In 1991, Bruce Willis was sitting on top of the world. With the help of two blockbuster “Die Hard” movies and the sleeper success of “Look Who’s Talking,” the actor found himself in the enviable position of having anything he desired made without a single, solitary fuss raised by Hollywood suits. Would he make a challenging political picture? A controversial abortion drama? A B&W, German-subtitled surrealist comedy? Nope. Willis made “Hudson Hawk.”Eddie Hawkins (Bruce Willis) is a master thief fresh from a ten-year stint in prison. Swearing off crime, The “Hudson Hawk” is pulled in for a massive job when the scheming Mayflowers, Darwin (Richard E. Grant) and Minerva (Sandra Bernhard), decide to blackmail Eddie into a plan to steal iconic Da Vinci artifacts to help build a machine that produces gold. Now off on a globetrotting adventure with partner Tommy Five-Tone (Danny Aiello), Eddie finds himself entangled in a massive conspiracy that involves the Mafia and the CIA (James Coburn), along with some government stooges named after candy bars and a helpful nun (Andie MacDowell) who finds herself falling for Eddie’s rapscallion ways.
"Really, it's not as bad as you've heard or remember"
I must admit, I was a monster fan of “Hawk” way back in 1991. Being both a desperately young devotee of Willis and believing director Michael Lehmann hung the moon with his 1989 masterpiece “Heathers,” I was primed to see these talents collide. And collide they sure did.
A strange brew of action, adventure, slapstick, science-fiction, and, gulp, musicals, “Hudson Hawk” was a creation born under great duress. The production of the film was a constant pissing match between egos, while the release of the film was a trainwreck, with too much media emphasis placed on the enormous budget (65 million for this movie was insane at the time, now it’s catering on the “Pirates of the Caribbean” sequels) and Willis’s indestructibility, and not enough on the atypical moviegoing experience it offered.
In essence, Willis (who dreamed up with the story with pal Robert Kraft) was aiming to make an R-rated cartoon; a film that would somehow collect the exaggerated sensibilities of the Three Stooges, Indiana Jones, and Hope & Crosby and blend them into a farcical soup, hopeful to generate thrills and laughs in equal measure. It’s a complicated viewing experience, bluntly executed by Lehmann, who valiantly strived to make a silly movie, perhaps letting the slapstick impulses of the script (by “Heathers” scribe Daniel Waters and 80’s action pimp Steve E. de Souza) swallow the film whole. “Hawk” is relentless in its pursuit of absurdity, and that very lust is why it remains a polarizing, but undeniably gusty production worthy of cult status.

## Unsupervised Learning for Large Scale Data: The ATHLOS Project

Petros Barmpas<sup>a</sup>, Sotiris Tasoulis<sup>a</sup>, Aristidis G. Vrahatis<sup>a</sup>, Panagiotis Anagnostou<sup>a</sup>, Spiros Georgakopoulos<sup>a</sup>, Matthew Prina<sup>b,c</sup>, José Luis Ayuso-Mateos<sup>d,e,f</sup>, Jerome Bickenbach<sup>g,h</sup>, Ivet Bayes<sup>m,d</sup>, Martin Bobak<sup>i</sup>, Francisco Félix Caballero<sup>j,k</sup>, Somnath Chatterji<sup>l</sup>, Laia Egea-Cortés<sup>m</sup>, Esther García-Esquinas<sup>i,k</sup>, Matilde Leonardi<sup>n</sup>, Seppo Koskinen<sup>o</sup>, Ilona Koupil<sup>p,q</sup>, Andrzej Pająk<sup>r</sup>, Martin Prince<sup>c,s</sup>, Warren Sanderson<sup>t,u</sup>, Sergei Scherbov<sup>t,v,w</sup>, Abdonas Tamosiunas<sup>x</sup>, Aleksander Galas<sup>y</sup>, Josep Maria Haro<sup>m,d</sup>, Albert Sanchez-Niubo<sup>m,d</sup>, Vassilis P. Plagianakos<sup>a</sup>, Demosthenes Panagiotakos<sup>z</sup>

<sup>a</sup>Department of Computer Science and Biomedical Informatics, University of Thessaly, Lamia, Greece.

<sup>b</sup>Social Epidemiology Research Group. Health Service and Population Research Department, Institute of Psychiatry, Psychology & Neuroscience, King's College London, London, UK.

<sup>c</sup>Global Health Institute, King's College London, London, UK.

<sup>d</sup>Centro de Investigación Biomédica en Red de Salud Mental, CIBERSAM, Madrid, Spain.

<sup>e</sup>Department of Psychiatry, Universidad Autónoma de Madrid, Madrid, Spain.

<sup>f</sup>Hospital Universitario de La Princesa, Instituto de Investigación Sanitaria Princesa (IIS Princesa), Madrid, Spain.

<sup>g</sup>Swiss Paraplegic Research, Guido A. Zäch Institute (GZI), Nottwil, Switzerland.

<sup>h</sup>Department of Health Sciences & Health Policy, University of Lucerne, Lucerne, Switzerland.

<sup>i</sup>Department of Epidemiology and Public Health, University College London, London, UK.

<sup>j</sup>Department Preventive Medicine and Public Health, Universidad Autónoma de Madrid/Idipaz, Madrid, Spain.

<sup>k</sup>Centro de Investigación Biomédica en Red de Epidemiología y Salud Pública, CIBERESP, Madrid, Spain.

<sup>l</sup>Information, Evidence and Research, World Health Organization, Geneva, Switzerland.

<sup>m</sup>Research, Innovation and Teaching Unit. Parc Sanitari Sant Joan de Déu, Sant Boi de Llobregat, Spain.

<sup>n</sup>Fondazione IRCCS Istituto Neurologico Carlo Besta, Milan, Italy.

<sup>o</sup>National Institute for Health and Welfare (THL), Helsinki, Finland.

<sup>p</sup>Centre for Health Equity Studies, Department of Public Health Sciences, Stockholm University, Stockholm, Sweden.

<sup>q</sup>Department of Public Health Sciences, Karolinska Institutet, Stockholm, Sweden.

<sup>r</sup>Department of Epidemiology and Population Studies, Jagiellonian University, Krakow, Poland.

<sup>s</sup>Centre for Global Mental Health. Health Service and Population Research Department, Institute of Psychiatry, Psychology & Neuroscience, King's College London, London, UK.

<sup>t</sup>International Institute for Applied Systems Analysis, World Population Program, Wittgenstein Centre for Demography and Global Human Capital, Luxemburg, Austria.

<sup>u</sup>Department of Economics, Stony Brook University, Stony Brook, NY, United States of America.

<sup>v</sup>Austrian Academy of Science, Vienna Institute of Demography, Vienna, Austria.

Piloted by Willis’s cappuccino-thirsty, permo-smirk performance at the titular cat burglar, “Hawk” coasts on a great deal of chaotic smarm. It’s a caper in the loosest sense, making more room for madcap bumbling around than kinetic storytelling, which often traps the film in the knotted game of double-crosses and twists the screenplay serves up. Making great use of Italian locations and endlessly enchanted with its own sense of humor, “Hawk” is an acquired taste; a picture willing to bring a cocktail party to the doorstep of any viewer who gives it a shot.
While Willis is the star of the show (a truth the film is not shy communicating) special attention must be paid to Richard E. Grant and his berserk portrayal of Darwin Mayflower. A wealthy madman who seems more in tune with his kinky sex life than extravagant plans for world domination, Grant spins wildly around “Hawk” like an accidently dropped roman candle; his every step gloriously over the top in a simple effort to get the film to notice him. Toss in Sandra Bernhard as his wife, and you have two actors who come damn close to stealing the film away from Willis and his bottomless buffet of buffoonery.“Hudson Hawk” nearly destroyed Bruce Willis’s career in 1991, but to revisit the film today, without the blinding glare of his stardom and media ubiquity, reveals a goofball comedy that’s easy to digest. Sure, the picture is riddled with awful jokes, unhinged performances, and direction that lacks direction, but the overall party-like atmosphere of the film is enchanting. It’s a wonderful piece of lunacy that’s separated itself from something of a cinematic pariah to become a delightfully outlandish vanity film, capable of eliciting giggles, groans, guffaws, and gagging frequently in the same fanciful instant.
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originally posted: 11/14/07 04:02:24